It's been odd to see that in the last year or so, the appearance of Smurf merchandise has really picked up steam. Part of this is the remnants of Smurfs 50th anniversary celebration, which occurred in 2008, and the rest is a slow build to the upcoming live-action and CGI Smurf movie.
But the strange thing about this little trend is that almost none of what you might see on the store shelves is all that new. In fact, much of it is recycled from the big boom that the Smurfs experienced in the 1980s. The rest is simply old merchandise designs from the Smurfs' 50 year history.
Here in America, the Smurfs are decidedly a 1980s phenomenon. But worldwide, the Smurfs are the lucky benefactors of a decades-long love affair.
That means that as the characters waned in popularity after a relatively short lifespan in the U.S., the juggernaut fueled by three-apple high gnomes kept on pumping out product for the rest of Earth.
The proof is obvious if you take a moment to study it. The other day, I was wandering the aisles of A.C. Moore, a chain of arts and crafts stores here in the U.S. Hitting the section for coloring books, I spotted a "brand new" Smurfs coloring book. Sure, it was printed recently, but inside it wasn't really new at all. Instead, it was full of images that were recycled from years ago. The re-use was obvious to me because it didn't cover any new ground. There were no new characters or situations. Instead, I saw images of King Smurf, Jungle Smurf and Astro Smurf, all of whom are famous icons within the Smurf-reading community that were largely ignored by the Hanna-Barbera cartoons from the 1980s. (I sited an entirely different "new" coloring book at another store, but nonetheless, it was still the same old Smurfs.)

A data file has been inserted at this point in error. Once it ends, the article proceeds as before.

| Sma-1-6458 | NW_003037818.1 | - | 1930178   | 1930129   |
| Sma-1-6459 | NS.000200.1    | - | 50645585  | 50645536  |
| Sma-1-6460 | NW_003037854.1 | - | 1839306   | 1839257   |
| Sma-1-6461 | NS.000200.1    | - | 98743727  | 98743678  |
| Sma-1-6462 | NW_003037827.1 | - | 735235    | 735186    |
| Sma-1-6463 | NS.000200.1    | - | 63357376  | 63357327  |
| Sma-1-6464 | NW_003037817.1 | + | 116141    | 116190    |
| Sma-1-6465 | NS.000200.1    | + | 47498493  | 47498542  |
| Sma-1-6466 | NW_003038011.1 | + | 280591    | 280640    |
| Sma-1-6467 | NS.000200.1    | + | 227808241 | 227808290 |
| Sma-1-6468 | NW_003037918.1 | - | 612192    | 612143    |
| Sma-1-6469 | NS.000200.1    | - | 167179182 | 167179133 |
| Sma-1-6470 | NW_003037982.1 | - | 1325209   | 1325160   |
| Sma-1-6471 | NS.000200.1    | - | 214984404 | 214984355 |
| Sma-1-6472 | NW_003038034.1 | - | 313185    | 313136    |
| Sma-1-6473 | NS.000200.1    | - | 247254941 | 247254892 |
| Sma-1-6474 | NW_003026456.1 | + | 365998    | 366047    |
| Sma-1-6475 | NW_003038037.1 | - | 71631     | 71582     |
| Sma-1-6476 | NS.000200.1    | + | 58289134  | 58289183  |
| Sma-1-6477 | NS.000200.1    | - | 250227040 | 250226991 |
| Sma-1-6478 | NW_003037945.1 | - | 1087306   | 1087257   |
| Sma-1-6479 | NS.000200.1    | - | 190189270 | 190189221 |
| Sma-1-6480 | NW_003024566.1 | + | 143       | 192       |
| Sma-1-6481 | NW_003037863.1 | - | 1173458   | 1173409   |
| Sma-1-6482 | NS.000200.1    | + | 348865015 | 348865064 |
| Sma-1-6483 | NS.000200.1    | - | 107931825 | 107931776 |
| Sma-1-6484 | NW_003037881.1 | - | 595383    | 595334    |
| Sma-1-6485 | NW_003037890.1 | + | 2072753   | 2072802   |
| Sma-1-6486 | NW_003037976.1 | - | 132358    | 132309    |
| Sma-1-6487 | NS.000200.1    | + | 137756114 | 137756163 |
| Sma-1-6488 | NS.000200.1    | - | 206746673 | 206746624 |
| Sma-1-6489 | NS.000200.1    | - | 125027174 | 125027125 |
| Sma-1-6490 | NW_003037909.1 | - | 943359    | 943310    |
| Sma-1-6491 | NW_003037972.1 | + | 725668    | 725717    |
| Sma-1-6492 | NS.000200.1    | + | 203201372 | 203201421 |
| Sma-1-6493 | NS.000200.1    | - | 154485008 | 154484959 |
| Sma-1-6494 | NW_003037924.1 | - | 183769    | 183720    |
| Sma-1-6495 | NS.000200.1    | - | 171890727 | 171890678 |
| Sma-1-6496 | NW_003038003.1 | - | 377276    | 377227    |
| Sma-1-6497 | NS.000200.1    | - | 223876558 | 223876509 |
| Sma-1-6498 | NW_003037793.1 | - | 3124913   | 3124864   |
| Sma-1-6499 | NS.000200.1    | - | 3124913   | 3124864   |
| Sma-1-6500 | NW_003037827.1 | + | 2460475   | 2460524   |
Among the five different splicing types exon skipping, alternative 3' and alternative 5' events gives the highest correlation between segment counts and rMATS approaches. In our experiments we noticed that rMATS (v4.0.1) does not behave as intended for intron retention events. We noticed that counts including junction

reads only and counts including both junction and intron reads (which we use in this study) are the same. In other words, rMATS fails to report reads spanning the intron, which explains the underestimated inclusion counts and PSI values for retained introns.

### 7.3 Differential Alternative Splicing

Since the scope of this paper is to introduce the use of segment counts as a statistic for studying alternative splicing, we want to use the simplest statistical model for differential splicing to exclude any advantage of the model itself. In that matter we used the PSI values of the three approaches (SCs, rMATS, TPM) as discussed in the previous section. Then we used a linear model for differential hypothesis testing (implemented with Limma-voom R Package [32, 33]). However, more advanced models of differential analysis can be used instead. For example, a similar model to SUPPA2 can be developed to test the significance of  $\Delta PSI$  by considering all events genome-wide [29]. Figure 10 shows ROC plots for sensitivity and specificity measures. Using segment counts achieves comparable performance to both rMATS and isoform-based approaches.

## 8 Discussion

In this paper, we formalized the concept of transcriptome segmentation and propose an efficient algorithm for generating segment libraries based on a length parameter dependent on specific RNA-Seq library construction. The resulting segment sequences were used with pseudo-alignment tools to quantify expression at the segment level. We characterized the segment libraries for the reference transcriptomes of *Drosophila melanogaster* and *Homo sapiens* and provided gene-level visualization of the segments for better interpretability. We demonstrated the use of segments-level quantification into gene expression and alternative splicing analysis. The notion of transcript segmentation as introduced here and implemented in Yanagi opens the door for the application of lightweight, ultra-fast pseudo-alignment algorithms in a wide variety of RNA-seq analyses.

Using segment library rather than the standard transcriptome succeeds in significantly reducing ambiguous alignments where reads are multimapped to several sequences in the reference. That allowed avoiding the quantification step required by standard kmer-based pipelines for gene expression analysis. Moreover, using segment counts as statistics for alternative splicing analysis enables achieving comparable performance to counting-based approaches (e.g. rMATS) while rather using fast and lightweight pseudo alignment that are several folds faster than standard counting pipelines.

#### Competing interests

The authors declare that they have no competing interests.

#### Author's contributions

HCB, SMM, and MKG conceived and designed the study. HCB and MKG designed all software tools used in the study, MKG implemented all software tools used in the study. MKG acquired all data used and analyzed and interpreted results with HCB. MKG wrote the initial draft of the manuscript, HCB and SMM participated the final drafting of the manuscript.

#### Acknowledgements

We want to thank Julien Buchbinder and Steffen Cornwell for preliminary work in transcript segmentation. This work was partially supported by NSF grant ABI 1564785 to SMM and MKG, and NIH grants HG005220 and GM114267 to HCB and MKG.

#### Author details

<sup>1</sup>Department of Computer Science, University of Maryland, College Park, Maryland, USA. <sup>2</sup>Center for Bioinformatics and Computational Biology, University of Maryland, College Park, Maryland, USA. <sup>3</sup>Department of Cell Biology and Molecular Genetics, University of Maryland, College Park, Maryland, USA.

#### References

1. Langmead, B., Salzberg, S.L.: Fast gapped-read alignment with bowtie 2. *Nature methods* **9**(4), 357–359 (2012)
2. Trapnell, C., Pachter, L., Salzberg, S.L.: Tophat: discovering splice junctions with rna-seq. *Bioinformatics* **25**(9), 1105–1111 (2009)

Likewise, if you pick up any of the Smurf figurines manufactured by the Schleich company, take a look at the copyright dates stamped upon them. You'll read dates that range from the 1990s to the early 2000s.
And if you stroll down the children's DVD section at any big box store, you'll see freshly minted Smurf DVDs, which of course are a repackaging of the 1980s Hanna-Barbera cartoon.
Further, Papercutz , a comic-book company, is busy reprinting all of Peyo's classic Smurf tales for general consumption. (Worth noting: The Smurfs in the comics are quite a bit more feisty than those that appear in the 1980s TV show. Honestly, it's almost a night-and-day difference.)
Now I must admit, I don't hold out a lot of hope for "The Smurfs" movie, but I do hope it brings about a new interest in Smurfs (and European kids' comics), because they are packed with humor and artistry.
Whether or not its a bad film, or if you still resent the 1980s cartoon, give their original comics a try ... because, as you may suspect, they're absolutely Smurfy.
Originally posted at Comics on the Brain! (Please take a look!)